Origin of Complexity in the Universe

MIT Professor Seth Lloyd on the origin of life, the butterfly effect, and the Universe as a quantum computer

videos | December 30, 2013

How did the complexity in the Universe evolve through it’s history? What is the universal computation? What are the capabilities of the universal computer? Professor of Mechanical Engineering at MIT Seth Lloyd speaks on how computation manipulates information.

The Universe, very hot, featureless, expanding, starts to clump together, becomes less homogeneous, less regular. There is something about the laws of physics that takes something that’s regular and makes it more clumpy, more random looking, more detailed. This is actually very strange by the ordinary laws of physics. Where does that come from? It comes from a special feature about gravity, and the laws of gravitation.

Ironically we know much less about the origins of life than we know about the origins of the Universe. The Universe was born 13,76 billions years ago, Big Bang, temperature of billions of degrees; life – we don’t know. But we do know features of life now, and we can extract from these features how complexity might have evolved.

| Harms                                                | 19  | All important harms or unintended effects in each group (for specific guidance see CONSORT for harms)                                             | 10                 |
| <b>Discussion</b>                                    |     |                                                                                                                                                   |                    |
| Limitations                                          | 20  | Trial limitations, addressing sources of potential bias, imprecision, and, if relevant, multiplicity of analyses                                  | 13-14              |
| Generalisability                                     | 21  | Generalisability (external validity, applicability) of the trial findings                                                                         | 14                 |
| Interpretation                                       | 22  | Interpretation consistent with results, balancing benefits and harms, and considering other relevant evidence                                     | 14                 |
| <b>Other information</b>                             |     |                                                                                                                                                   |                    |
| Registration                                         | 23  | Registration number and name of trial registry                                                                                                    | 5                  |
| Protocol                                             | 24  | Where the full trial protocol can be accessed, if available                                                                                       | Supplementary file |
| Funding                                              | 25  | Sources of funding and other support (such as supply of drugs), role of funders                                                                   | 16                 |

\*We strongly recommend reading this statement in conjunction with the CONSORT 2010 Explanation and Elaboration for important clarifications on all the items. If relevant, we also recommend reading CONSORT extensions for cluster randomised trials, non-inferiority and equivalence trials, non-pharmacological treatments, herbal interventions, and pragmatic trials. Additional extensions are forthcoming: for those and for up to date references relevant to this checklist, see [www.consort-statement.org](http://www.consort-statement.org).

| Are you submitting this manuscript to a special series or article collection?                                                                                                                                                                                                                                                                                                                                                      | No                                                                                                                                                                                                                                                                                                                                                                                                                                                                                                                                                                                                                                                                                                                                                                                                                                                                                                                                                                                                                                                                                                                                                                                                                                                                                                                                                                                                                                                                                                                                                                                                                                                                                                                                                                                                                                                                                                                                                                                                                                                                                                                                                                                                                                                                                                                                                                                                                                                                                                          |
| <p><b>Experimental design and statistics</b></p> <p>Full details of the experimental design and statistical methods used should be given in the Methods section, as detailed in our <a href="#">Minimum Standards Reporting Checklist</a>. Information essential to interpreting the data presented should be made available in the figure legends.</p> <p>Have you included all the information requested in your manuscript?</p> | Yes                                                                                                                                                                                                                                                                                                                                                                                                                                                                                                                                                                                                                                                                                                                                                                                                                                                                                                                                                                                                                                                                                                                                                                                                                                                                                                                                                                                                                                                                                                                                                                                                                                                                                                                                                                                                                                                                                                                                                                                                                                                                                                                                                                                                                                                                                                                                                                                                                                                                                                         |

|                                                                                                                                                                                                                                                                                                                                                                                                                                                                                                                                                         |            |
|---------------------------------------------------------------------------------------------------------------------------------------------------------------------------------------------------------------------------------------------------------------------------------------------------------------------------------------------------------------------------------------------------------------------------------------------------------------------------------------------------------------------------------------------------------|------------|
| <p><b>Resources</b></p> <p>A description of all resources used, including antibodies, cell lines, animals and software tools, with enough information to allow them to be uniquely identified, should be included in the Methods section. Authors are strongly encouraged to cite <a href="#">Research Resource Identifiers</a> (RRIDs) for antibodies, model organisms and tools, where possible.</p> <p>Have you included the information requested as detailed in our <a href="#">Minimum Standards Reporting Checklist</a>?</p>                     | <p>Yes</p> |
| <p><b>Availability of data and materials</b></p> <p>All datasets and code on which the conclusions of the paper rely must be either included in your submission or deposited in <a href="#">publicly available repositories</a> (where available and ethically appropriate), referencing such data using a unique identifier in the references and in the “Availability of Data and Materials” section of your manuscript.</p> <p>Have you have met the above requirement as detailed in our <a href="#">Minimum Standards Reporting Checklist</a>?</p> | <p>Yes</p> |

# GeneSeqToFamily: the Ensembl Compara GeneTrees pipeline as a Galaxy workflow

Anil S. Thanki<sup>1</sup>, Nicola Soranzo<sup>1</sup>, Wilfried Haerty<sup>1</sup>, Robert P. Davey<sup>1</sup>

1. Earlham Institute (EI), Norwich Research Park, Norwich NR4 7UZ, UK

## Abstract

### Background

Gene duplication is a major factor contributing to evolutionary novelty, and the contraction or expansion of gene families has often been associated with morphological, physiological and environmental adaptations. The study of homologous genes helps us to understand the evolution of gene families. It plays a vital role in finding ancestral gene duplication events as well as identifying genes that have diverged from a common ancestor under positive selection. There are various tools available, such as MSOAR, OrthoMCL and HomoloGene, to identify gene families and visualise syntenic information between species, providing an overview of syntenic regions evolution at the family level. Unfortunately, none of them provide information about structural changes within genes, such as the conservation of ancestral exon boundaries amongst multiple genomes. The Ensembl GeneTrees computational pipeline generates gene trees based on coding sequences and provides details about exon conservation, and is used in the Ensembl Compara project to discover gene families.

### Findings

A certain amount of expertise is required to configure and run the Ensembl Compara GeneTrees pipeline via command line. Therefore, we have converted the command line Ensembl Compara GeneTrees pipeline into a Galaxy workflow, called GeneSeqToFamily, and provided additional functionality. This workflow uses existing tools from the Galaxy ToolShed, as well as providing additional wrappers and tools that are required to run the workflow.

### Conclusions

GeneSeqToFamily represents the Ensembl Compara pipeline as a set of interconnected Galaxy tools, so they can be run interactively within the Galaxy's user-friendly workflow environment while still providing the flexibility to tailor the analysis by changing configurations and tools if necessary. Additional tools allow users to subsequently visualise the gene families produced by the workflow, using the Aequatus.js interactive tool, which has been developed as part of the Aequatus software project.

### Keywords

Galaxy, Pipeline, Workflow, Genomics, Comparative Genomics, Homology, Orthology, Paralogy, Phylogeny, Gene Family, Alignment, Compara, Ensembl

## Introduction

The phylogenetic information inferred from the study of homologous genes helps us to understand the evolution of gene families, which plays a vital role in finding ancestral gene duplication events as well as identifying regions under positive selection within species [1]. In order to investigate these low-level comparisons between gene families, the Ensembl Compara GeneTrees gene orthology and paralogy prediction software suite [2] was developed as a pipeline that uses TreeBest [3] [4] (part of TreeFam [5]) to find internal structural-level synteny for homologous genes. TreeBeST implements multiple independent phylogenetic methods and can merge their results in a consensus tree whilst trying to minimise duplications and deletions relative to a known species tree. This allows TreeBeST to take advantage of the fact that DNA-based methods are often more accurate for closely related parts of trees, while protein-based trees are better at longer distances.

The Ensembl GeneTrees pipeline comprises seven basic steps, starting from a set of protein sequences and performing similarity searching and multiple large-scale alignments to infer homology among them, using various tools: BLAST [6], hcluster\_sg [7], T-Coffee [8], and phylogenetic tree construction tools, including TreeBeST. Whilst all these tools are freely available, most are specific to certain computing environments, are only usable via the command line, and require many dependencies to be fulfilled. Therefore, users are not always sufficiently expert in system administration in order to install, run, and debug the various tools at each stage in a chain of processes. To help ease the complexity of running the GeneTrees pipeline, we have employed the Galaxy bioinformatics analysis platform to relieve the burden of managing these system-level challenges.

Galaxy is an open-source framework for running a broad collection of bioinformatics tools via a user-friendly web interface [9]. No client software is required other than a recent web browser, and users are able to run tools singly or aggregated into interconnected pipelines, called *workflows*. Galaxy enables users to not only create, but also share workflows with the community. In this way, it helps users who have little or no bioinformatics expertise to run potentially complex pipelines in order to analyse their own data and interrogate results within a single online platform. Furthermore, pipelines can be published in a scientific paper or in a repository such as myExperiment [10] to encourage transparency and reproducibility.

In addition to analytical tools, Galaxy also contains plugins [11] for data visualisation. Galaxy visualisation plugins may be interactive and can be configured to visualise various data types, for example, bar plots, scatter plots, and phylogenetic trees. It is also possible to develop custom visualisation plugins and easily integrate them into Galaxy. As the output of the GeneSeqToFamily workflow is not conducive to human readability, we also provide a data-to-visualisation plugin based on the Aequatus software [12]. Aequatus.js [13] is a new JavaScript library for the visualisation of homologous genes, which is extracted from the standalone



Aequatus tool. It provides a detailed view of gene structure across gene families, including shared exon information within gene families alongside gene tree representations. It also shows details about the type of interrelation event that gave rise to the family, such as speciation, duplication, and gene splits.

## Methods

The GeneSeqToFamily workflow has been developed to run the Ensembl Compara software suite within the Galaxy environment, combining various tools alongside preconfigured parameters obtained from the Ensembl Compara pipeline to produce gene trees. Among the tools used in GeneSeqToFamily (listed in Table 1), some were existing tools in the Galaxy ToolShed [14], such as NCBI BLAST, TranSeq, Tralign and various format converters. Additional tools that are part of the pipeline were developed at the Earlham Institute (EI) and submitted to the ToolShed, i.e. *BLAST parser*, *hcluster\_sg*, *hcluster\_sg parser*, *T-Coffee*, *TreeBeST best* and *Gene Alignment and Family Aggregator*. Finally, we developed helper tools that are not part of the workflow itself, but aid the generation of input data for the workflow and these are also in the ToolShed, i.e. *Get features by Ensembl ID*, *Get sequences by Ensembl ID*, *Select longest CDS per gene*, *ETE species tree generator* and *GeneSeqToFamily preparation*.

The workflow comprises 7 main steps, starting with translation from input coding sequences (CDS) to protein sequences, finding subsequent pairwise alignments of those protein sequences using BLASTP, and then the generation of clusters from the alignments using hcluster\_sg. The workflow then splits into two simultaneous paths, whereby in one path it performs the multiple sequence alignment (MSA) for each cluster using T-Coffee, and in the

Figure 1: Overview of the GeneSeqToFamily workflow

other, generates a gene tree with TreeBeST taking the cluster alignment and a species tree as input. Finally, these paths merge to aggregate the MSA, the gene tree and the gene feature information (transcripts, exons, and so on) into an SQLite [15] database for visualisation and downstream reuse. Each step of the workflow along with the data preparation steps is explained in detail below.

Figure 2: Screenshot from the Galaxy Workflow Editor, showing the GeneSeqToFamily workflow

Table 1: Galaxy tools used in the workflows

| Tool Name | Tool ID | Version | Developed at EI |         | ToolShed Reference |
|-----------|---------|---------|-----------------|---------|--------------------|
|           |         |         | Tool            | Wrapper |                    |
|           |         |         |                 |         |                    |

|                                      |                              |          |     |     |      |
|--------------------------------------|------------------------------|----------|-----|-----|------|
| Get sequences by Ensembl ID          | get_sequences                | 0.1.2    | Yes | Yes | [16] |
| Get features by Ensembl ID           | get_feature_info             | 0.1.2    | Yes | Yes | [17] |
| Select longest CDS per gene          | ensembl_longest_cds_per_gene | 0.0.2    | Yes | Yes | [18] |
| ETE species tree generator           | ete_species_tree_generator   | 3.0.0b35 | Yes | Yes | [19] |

The Universe is not a computer, or is it? Actually the dynamics of the Universe support computation. The laws of physics support computation. And I know from my own research, building quantum computers, that the laws of physics support computation at the most microscopic and fundamental level, where elementary particles store bits of information: every time two particles collide, those bits flip. So the universe is full of bits of information.

Professor, Department of Mechanical Engineering, Massachusetts Institute of Technology
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